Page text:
The New Palgrave Dictionary of Economics

2018 Edition
| Editors: Macmillan Publishers Ltd

Mill, John Stuart (1806–1873)

  • N. De Marchi
Reference work entry
DOI: https://doi.org/10.1057/978-1-349-95189-5_1240

Abstract

Mill approached economic theory using conceptual and verbal analysis. This worked well for settled truths applied to circumscribed situations, such as a rise in the ratio of food prices to manufactured goods prices under growth subject to decreasing returns. He needed, but did not develop, a different method for multi-causal problems. Mill insisted that value and production were settled areas of political economy but was open to societal reforms that would result in altered shares of income and wealth. This distracted from the coherence of his Principles of Political Economy and from his reputation as a theorist, while ensuring that he will be remembered for challenging readers to entertain breathtaking prospects for human improvement.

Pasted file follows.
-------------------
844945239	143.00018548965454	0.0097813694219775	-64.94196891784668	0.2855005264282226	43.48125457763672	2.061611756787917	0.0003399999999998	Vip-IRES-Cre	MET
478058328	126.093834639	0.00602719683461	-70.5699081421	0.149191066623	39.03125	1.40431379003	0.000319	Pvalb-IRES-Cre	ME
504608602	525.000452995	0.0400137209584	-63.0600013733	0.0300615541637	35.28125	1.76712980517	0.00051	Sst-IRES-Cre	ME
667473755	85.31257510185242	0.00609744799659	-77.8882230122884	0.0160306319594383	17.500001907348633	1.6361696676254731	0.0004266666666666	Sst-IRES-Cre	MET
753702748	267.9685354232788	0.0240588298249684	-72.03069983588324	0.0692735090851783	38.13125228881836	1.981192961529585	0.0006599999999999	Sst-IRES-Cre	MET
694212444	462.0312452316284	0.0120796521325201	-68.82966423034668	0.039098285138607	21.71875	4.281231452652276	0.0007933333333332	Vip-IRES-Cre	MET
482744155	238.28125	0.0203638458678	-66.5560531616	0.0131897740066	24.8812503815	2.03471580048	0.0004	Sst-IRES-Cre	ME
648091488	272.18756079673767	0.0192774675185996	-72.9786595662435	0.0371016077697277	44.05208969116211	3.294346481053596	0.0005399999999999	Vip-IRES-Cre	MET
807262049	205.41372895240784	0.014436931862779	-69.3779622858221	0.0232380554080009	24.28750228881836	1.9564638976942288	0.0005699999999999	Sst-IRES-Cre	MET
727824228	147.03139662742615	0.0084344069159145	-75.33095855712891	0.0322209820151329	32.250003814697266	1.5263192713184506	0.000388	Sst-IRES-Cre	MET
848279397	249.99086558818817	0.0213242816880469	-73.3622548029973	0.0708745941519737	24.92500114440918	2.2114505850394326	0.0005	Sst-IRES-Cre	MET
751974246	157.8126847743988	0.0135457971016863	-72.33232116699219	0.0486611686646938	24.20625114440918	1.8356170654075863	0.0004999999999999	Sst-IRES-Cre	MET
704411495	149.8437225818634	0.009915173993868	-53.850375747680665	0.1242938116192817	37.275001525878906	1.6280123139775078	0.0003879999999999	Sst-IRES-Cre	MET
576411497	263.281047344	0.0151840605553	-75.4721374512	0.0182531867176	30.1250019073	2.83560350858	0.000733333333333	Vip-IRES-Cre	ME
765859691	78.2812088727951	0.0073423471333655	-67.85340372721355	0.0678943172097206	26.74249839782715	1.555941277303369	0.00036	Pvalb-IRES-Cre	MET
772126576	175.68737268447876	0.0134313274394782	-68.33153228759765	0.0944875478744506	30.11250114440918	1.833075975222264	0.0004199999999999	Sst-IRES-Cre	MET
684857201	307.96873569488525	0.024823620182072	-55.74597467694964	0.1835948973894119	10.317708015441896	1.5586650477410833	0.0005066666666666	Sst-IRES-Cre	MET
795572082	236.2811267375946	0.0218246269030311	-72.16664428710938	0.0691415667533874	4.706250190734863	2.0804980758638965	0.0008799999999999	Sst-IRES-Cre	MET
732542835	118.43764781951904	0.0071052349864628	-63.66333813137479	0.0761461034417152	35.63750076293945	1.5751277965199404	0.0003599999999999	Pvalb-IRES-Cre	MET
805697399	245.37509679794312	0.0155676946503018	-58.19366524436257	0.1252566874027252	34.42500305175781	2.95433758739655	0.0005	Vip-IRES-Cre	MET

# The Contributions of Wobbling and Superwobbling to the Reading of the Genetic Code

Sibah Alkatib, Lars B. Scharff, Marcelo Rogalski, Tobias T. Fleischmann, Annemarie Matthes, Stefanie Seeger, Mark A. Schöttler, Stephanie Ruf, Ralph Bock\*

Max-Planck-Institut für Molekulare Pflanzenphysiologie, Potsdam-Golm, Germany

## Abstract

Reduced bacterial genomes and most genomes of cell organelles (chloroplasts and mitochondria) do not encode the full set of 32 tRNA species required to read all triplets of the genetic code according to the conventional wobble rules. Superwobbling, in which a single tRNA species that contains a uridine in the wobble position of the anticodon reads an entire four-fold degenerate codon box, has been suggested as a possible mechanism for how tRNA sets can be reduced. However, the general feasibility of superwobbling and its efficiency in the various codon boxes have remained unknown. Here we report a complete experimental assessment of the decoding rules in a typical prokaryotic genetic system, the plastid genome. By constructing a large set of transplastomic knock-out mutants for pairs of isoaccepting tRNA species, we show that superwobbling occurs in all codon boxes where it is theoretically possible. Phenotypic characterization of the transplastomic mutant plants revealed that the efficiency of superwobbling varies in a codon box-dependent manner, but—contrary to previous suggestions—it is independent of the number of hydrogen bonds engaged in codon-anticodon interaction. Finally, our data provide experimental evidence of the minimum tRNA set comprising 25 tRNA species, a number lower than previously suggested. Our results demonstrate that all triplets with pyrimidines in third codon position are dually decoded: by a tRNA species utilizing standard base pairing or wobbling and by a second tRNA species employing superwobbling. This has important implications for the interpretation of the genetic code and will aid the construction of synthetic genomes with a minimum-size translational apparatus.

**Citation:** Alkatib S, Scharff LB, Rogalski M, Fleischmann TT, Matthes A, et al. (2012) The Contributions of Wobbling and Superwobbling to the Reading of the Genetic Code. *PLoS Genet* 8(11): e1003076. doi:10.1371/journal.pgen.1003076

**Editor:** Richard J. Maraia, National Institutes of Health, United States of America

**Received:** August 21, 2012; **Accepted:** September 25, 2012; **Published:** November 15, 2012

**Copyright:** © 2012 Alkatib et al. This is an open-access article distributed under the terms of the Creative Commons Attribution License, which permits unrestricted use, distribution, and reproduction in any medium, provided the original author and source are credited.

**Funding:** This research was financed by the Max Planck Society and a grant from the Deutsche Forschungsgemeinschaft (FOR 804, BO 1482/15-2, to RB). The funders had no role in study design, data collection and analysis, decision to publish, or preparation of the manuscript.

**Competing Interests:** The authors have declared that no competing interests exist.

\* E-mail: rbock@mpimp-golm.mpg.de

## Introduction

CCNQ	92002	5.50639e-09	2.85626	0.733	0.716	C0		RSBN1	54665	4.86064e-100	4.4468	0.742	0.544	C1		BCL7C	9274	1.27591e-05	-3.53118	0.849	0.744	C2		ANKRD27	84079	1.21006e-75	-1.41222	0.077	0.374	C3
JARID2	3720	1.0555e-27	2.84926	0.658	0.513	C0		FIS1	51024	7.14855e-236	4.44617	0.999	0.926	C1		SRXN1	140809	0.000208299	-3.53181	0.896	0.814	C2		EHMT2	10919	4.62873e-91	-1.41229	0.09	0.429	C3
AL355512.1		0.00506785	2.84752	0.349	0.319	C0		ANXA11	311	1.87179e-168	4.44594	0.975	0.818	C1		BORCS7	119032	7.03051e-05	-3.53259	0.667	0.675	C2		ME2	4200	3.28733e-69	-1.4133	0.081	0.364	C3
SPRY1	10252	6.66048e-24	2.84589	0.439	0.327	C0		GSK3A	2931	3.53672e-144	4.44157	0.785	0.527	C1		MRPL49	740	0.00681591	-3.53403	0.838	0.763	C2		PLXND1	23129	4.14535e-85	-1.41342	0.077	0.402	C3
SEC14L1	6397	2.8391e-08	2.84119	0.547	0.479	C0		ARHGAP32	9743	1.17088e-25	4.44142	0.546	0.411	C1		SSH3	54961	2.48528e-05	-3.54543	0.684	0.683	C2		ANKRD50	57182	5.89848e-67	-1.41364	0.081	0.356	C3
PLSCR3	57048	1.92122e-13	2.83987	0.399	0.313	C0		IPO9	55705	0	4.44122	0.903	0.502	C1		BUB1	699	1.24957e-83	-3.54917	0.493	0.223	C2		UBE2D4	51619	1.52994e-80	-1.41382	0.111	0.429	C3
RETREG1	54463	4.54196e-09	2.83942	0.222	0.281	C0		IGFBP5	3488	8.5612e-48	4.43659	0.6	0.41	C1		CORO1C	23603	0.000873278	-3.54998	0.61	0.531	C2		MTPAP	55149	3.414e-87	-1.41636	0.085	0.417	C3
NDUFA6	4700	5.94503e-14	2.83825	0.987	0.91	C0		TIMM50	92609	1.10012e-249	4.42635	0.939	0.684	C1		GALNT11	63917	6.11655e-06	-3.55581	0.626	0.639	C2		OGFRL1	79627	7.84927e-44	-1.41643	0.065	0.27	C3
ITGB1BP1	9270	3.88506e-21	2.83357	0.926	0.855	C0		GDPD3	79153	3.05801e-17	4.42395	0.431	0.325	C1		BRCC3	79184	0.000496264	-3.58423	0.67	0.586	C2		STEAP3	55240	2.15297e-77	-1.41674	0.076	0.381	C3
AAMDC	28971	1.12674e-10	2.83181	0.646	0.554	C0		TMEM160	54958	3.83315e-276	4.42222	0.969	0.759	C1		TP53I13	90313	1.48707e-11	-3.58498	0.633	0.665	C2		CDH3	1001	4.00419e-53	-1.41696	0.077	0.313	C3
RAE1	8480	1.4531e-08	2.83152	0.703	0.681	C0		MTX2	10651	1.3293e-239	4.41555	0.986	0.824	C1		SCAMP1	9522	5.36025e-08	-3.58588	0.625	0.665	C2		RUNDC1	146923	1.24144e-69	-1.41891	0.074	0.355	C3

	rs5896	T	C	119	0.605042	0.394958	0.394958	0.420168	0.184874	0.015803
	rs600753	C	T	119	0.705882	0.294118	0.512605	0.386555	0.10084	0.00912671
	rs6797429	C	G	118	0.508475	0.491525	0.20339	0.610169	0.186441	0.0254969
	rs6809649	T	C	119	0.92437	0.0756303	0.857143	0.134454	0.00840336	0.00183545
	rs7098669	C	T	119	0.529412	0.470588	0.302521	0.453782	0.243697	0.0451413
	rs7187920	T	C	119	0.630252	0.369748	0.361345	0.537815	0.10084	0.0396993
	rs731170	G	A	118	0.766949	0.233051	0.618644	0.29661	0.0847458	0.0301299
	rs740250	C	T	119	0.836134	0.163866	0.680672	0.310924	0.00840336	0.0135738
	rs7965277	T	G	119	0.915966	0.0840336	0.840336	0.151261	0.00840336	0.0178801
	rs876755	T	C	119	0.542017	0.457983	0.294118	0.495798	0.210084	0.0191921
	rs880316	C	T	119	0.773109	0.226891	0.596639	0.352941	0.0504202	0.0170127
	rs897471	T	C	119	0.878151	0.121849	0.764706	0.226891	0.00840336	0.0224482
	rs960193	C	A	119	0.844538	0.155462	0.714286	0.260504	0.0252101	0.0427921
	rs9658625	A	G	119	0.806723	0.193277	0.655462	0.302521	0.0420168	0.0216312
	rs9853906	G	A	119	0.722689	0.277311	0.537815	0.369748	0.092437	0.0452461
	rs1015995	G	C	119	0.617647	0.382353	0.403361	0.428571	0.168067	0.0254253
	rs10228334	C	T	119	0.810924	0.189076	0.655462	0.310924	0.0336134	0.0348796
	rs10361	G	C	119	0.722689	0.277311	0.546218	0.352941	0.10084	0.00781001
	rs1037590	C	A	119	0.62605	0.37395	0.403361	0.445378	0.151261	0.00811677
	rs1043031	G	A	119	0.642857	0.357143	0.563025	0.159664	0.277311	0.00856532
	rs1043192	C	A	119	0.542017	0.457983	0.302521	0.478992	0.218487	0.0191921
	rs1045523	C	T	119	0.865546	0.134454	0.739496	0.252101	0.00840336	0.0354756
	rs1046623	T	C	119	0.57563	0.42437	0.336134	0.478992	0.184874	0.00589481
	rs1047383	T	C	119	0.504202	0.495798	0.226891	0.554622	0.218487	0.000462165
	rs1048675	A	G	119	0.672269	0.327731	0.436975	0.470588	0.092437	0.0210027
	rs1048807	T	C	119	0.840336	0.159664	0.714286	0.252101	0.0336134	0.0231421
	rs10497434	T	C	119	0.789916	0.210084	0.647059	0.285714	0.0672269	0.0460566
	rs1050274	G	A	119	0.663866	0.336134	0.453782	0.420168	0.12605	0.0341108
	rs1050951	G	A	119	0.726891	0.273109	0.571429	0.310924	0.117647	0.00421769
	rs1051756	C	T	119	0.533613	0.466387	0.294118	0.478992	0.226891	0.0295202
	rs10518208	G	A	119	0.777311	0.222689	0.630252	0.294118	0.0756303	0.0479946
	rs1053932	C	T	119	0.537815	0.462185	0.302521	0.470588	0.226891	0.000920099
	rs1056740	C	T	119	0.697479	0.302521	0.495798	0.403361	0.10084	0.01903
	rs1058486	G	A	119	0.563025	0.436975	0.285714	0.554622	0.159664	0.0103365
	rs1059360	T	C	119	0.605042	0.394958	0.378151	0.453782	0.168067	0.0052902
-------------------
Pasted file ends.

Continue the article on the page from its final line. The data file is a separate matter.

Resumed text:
Keywords

Absolute and exchangeable value Bentham, J. Birth control Communal ownership Corn Laws Education Falling rate of profit Happiness Inheritance and bequests Labour as a measure of value Laissez-faire Mill, J. Mill, J.S. Rent Ricardo, D. Role of government Smith, A. Social preferences Speculation Stationary state Taylor, H. Value 
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Copyright information

© Macmillan Publishers Ltd. 2018

Authors and Affiliations

  • N. De Marchi
    • 1
  1. 1.